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Families and rail enthusiasts will soon be able to visit the National Railway Museum, as free tickets are released from today (April 26).
The museum temporarily closed as part of the national lockdown on December 31, but as restrictions continue to ease, the museum plans to reopen from May 19. Pre-booked tickets are available on the National Railway Museum’s website.
Penny Bond from LNER in front of the Railway Heroes exhibition
Railway’s Covid heroes
As well as familiar stars of the museum’s collection such as Mallard, Rocket and the Royal carriages, visitors will be able to see the latest exhibition called Railway Heroes.
Launching at the National Railway Museum and Locomotion in Shildon, the photographic exhibition celebrates railway key workers and their role in the national response to the COVID-19 pandemic.
Featuring in the exhibition are 16 people from different parts of the rail industry and visitors can find out more about their contributions, whether it was keeping the country moving in their day jobs, sewing PPE in their spare time or organising letter-writing campaigns to help people stay in touch.
Stephanie Hart, who works in IT Services at Network Rail and whose story is part of the exhibition, said: “The railways have so many people with different skill sets – it was amazing to see people making items for the NHS, putting up hospital beds, delivering food parcels and medication and giving up their time to volunteer to help others. I really feel we’ve been able to add so much more than simply running a railway.”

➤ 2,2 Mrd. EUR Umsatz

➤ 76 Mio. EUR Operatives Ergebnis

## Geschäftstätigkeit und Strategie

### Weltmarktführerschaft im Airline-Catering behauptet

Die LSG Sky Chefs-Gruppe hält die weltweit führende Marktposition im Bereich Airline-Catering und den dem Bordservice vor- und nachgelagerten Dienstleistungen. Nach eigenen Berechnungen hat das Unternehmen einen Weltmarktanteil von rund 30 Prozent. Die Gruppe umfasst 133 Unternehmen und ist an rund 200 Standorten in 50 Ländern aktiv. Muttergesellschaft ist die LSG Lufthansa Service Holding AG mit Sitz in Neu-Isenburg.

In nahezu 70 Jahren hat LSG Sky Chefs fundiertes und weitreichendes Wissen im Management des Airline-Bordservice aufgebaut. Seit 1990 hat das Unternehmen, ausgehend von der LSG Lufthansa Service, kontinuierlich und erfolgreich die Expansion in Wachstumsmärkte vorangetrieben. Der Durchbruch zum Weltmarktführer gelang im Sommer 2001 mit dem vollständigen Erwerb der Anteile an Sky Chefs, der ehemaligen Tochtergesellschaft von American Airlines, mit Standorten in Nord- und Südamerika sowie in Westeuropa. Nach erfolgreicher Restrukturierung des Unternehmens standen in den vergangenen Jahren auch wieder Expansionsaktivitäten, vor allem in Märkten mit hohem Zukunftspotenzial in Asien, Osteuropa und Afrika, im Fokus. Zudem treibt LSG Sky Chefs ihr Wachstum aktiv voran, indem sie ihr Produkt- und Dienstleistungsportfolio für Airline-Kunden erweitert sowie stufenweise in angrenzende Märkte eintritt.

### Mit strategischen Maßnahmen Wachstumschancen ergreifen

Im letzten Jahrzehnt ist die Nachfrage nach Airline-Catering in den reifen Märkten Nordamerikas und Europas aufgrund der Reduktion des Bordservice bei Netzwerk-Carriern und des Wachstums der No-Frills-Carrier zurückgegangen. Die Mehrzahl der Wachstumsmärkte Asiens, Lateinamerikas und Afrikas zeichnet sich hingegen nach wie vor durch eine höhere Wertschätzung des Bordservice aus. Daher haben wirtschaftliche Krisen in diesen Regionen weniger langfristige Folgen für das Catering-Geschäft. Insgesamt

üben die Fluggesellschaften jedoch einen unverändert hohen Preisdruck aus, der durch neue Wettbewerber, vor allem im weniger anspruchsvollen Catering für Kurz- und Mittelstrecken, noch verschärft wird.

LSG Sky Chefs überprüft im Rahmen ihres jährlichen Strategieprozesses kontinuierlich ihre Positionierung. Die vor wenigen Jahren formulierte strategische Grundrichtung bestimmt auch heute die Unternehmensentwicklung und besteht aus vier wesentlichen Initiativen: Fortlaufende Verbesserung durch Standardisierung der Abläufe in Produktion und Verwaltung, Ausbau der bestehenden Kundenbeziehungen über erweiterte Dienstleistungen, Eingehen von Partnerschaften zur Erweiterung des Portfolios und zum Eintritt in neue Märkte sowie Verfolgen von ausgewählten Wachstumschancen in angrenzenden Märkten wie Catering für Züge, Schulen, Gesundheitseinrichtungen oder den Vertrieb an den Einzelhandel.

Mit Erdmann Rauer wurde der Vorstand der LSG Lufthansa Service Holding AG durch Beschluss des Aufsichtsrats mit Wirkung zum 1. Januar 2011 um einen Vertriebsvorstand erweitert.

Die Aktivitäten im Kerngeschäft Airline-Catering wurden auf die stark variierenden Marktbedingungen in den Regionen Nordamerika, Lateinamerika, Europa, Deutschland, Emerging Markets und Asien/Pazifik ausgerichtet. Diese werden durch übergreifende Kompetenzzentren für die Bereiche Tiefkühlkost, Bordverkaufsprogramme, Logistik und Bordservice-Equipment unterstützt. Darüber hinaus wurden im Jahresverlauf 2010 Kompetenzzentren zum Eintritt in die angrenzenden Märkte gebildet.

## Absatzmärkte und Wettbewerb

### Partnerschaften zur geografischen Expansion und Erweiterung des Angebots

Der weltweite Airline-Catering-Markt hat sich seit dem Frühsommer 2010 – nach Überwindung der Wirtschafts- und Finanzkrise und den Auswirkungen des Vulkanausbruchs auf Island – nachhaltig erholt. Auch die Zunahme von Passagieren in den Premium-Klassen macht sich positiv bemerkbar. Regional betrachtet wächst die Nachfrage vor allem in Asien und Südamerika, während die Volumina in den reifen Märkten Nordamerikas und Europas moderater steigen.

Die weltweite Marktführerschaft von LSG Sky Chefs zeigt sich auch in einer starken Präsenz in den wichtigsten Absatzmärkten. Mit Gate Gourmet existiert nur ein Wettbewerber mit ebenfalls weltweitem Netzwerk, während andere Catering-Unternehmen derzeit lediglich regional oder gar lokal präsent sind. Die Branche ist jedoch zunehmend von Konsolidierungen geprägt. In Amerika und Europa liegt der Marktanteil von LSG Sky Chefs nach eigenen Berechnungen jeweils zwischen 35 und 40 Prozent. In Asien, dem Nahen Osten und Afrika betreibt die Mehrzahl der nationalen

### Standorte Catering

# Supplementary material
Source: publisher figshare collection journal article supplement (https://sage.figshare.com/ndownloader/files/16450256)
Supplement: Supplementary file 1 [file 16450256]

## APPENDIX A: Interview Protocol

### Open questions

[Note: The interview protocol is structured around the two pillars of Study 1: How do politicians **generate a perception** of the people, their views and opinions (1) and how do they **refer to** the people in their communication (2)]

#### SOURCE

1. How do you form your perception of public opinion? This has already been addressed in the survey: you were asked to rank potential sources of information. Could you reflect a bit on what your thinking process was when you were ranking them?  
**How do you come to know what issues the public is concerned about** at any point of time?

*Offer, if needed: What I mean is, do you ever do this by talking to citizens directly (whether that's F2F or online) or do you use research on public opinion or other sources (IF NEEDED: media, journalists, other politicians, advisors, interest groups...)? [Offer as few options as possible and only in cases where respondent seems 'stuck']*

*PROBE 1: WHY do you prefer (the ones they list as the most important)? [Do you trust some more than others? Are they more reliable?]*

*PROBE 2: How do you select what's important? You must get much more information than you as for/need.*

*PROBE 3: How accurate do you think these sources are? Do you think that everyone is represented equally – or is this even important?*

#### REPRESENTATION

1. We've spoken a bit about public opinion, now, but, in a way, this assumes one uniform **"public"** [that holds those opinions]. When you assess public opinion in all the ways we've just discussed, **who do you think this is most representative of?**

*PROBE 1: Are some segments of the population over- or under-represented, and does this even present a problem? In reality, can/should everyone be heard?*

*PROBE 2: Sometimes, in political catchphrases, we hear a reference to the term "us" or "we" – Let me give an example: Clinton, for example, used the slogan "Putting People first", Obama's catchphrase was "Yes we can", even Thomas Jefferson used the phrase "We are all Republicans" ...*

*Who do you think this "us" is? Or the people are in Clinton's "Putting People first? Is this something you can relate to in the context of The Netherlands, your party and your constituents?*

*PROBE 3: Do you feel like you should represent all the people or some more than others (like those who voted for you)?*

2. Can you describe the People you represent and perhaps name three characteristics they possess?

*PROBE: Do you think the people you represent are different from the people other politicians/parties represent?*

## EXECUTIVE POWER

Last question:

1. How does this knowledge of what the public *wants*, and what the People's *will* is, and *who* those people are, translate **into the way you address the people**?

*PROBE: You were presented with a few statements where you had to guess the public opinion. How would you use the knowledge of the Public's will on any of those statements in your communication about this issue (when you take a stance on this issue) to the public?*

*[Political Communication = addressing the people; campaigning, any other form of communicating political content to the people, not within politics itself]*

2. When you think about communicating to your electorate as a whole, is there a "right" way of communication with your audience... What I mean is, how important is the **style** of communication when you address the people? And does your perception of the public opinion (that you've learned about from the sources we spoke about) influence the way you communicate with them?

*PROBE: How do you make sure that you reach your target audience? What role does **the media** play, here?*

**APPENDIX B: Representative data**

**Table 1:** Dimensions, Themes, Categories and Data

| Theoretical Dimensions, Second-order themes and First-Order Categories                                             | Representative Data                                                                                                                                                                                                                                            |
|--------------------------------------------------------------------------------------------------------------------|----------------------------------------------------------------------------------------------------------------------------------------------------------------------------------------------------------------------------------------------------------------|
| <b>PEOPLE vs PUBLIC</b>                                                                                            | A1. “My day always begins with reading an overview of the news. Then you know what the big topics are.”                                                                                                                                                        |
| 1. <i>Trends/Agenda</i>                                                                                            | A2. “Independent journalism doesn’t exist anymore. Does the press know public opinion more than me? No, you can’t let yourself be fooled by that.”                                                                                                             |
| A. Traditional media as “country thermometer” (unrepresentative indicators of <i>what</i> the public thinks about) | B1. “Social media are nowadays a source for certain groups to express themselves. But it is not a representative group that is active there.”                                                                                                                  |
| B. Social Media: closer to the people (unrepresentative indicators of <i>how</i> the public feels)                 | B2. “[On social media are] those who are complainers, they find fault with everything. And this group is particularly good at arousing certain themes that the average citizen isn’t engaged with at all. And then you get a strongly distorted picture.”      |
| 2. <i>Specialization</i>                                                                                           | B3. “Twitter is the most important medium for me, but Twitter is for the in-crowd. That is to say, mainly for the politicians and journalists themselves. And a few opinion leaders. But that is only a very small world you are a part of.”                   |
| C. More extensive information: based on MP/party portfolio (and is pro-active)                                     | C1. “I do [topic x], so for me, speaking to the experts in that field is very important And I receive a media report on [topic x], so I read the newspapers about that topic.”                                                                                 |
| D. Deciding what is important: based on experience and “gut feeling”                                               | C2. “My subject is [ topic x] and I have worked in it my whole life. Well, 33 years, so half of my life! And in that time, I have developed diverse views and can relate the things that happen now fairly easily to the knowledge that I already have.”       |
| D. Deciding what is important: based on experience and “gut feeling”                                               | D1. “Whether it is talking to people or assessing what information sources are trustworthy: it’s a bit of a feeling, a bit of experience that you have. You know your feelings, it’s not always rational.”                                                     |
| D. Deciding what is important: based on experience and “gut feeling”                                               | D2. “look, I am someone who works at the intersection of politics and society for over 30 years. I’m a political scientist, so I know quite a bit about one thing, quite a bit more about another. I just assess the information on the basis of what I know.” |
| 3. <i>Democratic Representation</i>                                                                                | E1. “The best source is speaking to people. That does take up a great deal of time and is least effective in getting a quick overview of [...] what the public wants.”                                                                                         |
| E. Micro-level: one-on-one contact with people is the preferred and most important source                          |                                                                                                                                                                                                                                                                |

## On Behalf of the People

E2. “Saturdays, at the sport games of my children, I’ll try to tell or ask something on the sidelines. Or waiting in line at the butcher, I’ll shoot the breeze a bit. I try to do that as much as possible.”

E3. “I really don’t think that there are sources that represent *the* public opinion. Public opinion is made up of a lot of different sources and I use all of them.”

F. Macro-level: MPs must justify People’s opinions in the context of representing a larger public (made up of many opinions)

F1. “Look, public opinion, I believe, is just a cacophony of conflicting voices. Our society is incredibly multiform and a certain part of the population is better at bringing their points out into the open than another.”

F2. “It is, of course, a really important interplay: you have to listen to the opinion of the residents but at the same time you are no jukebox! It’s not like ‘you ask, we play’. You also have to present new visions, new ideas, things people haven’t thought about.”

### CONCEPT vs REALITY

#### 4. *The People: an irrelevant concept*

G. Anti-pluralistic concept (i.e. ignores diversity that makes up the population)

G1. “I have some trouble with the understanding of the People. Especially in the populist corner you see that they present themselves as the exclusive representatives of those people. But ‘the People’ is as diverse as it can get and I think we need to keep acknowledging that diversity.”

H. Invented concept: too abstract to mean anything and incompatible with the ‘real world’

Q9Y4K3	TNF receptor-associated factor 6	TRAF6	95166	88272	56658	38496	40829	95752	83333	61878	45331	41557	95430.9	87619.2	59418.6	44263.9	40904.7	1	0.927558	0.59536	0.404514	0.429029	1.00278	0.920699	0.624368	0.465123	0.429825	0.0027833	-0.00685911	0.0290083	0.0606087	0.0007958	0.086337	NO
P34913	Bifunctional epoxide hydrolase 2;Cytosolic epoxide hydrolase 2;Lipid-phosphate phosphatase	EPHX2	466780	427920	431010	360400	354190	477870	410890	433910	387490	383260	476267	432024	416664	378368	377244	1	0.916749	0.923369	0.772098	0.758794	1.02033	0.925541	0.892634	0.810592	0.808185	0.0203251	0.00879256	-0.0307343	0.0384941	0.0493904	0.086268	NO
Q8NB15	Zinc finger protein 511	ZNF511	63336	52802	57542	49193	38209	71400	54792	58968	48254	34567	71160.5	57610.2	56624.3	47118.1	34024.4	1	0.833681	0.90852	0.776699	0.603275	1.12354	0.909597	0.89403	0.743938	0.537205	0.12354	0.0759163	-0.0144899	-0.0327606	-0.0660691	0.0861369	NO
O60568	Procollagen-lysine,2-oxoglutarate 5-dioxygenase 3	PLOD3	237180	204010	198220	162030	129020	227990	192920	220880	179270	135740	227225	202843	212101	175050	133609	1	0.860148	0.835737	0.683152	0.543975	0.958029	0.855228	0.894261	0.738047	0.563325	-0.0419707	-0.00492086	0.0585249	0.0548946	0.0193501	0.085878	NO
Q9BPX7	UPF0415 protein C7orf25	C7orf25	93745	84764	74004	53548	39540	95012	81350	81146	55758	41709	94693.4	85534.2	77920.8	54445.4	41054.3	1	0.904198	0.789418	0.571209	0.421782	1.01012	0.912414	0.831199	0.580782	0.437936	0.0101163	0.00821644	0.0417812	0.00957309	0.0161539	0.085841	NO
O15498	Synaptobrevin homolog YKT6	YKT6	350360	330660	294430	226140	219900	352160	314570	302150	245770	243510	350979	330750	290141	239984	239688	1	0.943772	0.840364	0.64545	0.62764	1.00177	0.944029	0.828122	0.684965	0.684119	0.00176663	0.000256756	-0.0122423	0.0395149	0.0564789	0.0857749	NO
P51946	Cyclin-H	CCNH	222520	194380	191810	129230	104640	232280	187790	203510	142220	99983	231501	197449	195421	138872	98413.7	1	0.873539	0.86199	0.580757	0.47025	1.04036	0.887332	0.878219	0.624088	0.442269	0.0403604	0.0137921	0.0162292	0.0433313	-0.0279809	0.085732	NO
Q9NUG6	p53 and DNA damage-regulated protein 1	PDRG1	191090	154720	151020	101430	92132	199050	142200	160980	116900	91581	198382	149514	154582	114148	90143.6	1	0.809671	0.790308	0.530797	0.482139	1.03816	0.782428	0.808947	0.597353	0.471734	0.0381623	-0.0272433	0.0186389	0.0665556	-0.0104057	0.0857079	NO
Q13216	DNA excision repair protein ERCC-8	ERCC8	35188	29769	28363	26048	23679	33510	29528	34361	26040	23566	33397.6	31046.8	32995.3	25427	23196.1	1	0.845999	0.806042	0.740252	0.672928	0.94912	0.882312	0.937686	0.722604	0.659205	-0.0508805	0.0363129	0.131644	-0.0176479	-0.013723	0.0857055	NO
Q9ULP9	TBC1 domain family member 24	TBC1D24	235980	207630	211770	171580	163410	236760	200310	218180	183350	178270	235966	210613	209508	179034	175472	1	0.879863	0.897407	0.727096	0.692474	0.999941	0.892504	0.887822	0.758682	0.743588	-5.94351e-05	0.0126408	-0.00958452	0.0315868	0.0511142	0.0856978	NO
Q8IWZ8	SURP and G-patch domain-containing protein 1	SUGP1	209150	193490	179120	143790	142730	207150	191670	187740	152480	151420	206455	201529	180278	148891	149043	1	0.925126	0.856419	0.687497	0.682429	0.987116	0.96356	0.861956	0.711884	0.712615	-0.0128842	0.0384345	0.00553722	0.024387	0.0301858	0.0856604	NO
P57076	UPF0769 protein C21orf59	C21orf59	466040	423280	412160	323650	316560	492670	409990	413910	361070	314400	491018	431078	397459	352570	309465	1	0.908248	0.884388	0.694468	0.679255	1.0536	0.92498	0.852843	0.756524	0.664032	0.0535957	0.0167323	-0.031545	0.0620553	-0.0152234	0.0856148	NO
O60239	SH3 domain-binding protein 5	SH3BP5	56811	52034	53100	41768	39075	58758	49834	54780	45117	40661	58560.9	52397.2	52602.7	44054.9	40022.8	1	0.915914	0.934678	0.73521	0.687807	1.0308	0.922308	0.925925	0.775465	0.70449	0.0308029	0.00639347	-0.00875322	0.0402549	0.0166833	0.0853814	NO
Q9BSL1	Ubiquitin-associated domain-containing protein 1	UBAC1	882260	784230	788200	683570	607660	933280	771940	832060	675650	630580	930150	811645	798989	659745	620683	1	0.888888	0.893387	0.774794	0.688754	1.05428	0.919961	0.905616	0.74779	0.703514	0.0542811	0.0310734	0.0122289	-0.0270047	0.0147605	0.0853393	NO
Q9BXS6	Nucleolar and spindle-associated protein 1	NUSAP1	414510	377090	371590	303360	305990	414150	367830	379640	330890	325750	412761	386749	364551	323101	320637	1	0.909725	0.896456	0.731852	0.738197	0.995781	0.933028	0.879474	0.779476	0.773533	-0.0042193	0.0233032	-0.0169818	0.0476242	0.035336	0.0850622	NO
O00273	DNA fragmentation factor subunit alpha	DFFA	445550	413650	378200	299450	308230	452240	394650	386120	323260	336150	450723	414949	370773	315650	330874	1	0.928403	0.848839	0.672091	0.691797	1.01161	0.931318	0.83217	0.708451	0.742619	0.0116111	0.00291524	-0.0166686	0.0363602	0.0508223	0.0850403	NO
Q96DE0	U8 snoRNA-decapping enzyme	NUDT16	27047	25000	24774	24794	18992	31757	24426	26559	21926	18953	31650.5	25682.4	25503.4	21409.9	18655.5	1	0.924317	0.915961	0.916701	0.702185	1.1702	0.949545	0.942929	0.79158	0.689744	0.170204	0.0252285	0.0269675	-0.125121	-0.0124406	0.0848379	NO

The exhibition first launched online in February this year and since then, it has had more than 10,000 views. This will be the first-time people can see the physical exhibition with every profile on display together in the Great Hall.
From May 19, visitors will also be able to enjoy a new audio trail which has been created to give people the chance to delve a bit deeper into the history of the museum. Accessible for free via smartphone, the tour takes listeners back to a time when the museum’s Great Hall was a busy engine shed and Station Hall was a working goods depot.
York Engine Shed in 1950. Photo: Eric Treacy/National Railway Museum
Prepared by the museum’s curatorial and exhibition teams, the trail features ten locations which explore York’s railway history, including the Baedeker bombing raids of 1942 which badly damaged parts of the city – there is a plaque in Great Hall today marking the spot where bombs fell.
Visitors will be asked to observe social distancing, wear a facemask (unless exempt) and book online in advance. Ticket numbers will be limited to timed slots to help keep people safe and entry will remain free of charge.
Judith McNicol, Director of the National Railway Museum, said: “As we reopen it is important to state that the safety of our visitors and our colleagues comes first, and we have made sure that a trip to the museum remains an enjoyable and safe experience for everyone. We have introduced a range of measures to reassure people, with additional cleaning, hand sanitisers and signage, as well as reduced capacity to help with social distancing and ventilation.
“It is my hope that this will be our last “reopening” as the Covid risk continues to ease and we can continue to welcome back our visitors to enjoy Railway Heroes, our audio trail and everything else the museum has to offer.”
Although delayed as a result of COVID-19, the National Railway Museum’s major new exhibition Trans-Siberian: The World’s Longest Railway will open from June 24, 2021. Tickets for the free exhibition will be available from May 26.
This article first appeared on www.therailwayhub.co.uk
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